Biography of Football Legend George The Gipper Gipp Part 2

About the legendary Notre Dame football player George Gipp, history and biography of the man best known as the Gipper.

INCREDIBLE FOOTNOTE ATHLETES

One for the Gipper

In 1920 Rockne and Gipp again led the "Fighting Irish" to an unbeaten season. Gipp racked up 357 yd. as Notre Dame defeated Army, 27--17. His elusive running, deadly spot-passing, instinct for the right play at the right time, and outstanding defensive abilities made him the nation's number-one back. He shunned publicity and refused interviews and requests to pose for photographs.

Gipp did not finish that season. He became ill with a throat infection before the second-to-last game, against Northwestern, and was hospitalized. Released in time for the game, he suited up, but Rockne planned not to use him. Finally, however, the coach bowed to the fans' clamor and sent Gipp in for a few plays. Soon the streptococcal infection got worse, and he was back in the hospital. Antibiotic drugs were not yet in use, and pneumonia set in. Within three weeks, on Dec. 14, 1920, he was dead.

On his deathbed, he told his coach. "Rock, some day when things look real tough for Notre Dame, ask the boys to go out there and win one for the Gipper."

The seed of a legend had been planted, and it flowered on a cold New York afternoon eight years later. On Nov. 12, 1928, in Yankee Stadium before 75,000 fans, unbeaten Army, led by the greatest runner in its history to that time, Chris Cagle, prepared to face off against a dismal Notre Dame eleven. Previously, the Irish and been smashed by Wisconsin, 22--6, and Georgia Tech, 13--0. Just before game time, Knute Rockne gathered his team around him in the locker room. "You've all heard of George Gipp, of course," he said quietly. "You all know that I was at his bedside the day he died. And you may or may not have heard that just before he died he said to me, 'Rock, some day when things look real tough for Notre Dame, ask the boys to go out there and win one for the Gipper.' Well, I've never used Gipp's request until now. This is the time. It's up to you."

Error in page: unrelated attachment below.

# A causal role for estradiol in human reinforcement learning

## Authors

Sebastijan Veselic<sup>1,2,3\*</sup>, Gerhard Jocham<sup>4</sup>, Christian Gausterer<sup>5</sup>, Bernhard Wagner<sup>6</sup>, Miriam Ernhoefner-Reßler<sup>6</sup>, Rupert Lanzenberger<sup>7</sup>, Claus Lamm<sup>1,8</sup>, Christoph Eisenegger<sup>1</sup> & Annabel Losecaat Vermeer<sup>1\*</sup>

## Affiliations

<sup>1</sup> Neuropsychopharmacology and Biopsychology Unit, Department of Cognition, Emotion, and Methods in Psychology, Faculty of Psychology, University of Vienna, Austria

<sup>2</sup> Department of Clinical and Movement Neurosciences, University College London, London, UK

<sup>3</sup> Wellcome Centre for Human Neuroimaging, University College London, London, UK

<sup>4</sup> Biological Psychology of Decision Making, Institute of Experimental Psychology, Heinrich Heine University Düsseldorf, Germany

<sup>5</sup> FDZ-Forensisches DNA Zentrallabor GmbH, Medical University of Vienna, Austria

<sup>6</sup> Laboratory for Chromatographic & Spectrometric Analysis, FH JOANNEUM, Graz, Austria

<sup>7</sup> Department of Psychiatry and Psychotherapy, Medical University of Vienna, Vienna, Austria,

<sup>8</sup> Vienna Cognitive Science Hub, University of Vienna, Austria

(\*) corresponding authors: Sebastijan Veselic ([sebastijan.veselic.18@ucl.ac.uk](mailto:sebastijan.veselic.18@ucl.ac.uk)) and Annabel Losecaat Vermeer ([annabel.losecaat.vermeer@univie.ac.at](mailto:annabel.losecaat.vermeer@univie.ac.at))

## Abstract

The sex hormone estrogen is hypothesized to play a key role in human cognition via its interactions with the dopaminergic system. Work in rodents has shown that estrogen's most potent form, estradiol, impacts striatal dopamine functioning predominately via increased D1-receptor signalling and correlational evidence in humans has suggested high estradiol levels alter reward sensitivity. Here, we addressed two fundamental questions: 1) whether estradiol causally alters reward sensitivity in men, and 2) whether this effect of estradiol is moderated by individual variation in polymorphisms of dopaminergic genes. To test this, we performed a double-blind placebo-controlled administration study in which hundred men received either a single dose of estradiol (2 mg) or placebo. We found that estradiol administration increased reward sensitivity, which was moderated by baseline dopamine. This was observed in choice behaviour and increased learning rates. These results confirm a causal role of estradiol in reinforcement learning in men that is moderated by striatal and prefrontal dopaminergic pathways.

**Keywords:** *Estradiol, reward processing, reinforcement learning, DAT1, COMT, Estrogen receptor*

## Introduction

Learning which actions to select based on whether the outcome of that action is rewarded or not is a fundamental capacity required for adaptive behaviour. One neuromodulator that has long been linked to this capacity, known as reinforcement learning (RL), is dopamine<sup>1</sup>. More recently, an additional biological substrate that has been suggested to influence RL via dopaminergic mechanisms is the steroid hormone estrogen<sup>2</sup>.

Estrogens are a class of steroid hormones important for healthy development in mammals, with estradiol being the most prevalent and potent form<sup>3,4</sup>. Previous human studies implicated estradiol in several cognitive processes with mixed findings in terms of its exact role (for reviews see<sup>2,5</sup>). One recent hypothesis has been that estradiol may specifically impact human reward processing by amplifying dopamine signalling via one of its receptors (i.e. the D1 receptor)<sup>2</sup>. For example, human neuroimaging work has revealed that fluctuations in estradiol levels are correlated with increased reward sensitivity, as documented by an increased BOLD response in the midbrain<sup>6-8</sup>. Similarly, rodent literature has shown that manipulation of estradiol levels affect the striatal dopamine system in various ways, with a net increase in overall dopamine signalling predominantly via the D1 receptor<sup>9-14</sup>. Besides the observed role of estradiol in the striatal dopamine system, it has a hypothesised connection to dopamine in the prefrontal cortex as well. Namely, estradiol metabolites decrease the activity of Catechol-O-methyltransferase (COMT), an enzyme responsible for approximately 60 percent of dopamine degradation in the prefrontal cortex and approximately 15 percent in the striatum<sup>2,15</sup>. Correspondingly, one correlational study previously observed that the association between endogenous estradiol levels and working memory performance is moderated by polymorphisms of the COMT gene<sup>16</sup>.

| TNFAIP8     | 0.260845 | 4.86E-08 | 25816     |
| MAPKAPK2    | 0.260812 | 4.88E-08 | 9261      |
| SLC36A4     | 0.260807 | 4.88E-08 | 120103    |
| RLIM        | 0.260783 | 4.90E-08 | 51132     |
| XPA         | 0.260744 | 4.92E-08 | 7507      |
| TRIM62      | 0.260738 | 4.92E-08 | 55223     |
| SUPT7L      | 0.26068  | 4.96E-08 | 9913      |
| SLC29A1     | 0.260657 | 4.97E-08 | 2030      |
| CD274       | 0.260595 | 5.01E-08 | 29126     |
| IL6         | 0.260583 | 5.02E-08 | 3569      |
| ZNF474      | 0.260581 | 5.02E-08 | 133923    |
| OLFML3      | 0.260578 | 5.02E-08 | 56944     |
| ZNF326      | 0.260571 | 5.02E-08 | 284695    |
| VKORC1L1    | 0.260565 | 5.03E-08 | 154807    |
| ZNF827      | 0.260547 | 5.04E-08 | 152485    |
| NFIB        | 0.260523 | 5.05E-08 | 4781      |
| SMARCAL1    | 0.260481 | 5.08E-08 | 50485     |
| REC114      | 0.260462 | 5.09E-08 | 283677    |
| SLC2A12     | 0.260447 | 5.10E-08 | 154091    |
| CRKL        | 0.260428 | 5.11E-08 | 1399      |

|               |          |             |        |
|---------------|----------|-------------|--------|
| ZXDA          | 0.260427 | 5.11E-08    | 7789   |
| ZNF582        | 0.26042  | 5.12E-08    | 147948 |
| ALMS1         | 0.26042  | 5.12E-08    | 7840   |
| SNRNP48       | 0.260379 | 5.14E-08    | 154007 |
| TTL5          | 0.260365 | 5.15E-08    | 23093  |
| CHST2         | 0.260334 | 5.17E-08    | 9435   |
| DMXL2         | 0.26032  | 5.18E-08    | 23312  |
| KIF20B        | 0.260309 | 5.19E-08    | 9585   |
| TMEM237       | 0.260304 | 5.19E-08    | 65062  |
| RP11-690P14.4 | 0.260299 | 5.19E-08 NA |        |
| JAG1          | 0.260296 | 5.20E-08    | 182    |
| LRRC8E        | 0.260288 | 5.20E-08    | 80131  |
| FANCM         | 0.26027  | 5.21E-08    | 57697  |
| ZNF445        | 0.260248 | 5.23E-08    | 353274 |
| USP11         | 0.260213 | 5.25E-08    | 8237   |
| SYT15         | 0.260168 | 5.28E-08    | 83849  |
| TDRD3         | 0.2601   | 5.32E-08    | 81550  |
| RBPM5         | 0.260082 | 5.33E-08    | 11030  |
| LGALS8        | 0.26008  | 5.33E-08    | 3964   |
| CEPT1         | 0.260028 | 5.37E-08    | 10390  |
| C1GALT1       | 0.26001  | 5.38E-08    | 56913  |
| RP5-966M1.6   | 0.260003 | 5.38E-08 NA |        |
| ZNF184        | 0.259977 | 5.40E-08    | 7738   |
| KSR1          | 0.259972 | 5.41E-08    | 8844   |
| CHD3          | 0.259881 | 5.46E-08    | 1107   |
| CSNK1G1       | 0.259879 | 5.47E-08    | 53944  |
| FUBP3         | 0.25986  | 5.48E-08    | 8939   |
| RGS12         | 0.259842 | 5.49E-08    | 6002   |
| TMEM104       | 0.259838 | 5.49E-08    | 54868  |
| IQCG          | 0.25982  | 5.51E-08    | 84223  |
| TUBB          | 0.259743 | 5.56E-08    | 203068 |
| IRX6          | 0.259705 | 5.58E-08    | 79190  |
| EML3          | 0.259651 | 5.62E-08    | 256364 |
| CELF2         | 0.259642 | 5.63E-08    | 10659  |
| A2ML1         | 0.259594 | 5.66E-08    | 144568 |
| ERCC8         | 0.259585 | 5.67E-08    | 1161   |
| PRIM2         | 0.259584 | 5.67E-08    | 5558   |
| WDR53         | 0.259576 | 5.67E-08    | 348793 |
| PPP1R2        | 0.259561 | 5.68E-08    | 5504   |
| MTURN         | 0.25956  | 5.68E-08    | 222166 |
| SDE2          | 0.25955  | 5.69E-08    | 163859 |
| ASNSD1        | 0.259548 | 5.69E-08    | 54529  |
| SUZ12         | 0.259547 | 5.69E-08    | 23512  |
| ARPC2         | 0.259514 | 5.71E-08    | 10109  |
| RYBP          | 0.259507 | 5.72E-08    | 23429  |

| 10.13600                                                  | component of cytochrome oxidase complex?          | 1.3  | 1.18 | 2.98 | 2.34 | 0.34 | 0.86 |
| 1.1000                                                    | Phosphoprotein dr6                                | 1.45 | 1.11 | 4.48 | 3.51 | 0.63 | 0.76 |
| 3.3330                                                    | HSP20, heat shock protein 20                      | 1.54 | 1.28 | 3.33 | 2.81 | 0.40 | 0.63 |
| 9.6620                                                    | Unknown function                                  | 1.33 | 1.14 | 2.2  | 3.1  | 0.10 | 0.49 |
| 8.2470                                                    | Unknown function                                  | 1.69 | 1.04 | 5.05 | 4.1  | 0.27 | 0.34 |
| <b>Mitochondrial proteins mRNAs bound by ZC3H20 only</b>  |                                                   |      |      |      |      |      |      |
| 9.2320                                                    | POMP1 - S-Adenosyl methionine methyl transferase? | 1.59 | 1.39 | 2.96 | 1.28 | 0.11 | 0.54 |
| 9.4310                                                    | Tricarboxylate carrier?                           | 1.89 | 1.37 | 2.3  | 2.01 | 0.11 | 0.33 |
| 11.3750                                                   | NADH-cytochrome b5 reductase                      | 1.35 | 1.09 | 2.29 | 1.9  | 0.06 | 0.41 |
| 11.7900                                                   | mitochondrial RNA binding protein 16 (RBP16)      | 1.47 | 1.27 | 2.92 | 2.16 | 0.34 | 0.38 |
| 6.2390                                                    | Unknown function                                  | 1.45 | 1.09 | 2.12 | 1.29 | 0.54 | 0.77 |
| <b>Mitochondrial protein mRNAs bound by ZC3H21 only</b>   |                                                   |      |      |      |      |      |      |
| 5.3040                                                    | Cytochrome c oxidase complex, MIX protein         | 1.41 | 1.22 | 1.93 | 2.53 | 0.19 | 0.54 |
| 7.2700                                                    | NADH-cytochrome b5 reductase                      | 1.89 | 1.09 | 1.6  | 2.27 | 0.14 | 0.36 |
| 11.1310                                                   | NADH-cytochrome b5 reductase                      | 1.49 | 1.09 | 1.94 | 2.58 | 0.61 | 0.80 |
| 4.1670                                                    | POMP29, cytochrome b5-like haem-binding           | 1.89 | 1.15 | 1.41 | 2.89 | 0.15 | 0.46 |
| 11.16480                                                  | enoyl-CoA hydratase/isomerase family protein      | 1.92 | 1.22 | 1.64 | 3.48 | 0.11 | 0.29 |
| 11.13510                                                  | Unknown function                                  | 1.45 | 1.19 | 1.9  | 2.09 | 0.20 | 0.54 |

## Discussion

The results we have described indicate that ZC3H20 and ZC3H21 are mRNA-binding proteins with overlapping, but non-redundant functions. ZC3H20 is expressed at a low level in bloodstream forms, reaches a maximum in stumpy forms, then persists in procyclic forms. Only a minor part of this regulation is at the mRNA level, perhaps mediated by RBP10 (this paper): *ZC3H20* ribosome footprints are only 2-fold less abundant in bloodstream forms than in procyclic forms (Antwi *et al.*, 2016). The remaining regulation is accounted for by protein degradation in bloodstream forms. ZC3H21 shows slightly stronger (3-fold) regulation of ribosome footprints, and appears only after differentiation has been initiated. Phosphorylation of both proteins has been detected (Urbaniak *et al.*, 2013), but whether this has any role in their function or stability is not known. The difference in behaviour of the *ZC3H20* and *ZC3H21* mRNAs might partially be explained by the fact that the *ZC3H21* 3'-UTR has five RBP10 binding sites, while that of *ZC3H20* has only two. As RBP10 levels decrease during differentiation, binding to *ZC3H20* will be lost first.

An inspired Fighting Irish team took the field and fought Army tooth and nail, holding them to a scoreless tie at the half. In the second half, Notre Dame battered its way to the Army 2-yd. line. On the next play, Notre Dame's best halfback, Jack Chevigny, took the pigskin, could find no opening, then threw himself into the air, catapulting over the Army line and in for a touchdown. Chevigny jumped to his feet, shouting, "That one was for the Gipper!"

Notre Dame toppled Army, 12--6. The next day the New York Daily News gave credit where credit was due. Its headline read: GIPP'S GHOST BEAT ARMY.

The incident was immortalized in the film Knute Rockne, with Pat O'Brien as Rockne and Ronald Reagan as the Gipper.

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